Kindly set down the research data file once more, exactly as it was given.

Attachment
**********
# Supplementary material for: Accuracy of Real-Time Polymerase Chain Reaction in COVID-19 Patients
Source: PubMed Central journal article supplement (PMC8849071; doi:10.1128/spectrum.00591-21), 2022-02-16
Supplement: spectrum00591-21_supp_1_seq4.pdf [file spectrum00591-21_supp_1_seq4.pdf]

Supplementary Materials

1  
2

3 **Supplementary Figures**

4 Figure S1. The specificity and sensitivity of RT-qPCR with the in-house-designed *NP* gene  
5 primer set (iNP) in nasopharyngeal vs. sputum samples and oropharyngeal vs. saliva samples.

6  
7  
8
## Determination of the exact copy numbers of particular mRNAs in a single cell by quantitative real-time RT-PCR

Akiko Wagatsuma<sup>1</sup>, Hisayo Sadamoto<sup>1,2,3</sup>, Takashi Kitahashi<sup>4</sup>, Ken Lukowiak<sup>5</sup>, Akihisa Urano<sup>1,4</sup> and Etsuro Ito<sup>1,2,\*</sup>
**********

# Supplementary material for: Accuracy of Real-Time Polymerase Chain Reaction in COVID-19 Patients
Source: PubMed Central journal article supplement (PMC8849071; doi:10.1128/spectrum.00591-21), 2022-02-16
Supplement: spectrum00591-21_supp_1_seq4.pdf [file spectrum00591-21_supp_1_seq4.pdf]

Supplementary Materials

1  
2

3 **Supplementary Figures**

4 Figure S1. The specificity and sensitivity of RT-qPCR with the in-house-designed *NP* gene  
5 primer set (iNP) in nasopharyngeal vs. sputum samples and oropharyngeal vs. saliva samples.

6  
7  
8
## Determination of the exact copy numbers of particular mRNAs in a single cell by quantitative real-time RT-PCR

Akiko Wagatsuma<sup>1</sup>, Hisayo Sadamoto<sup>1,2,3</sup>, Takashi Kitahashi<sup>4</sup>, Ken Lukowiak<sup>5</sup>, Akihisa Urano<sup>1,4</sup> and Etsuro Ito<sup>1,2,\*</sup>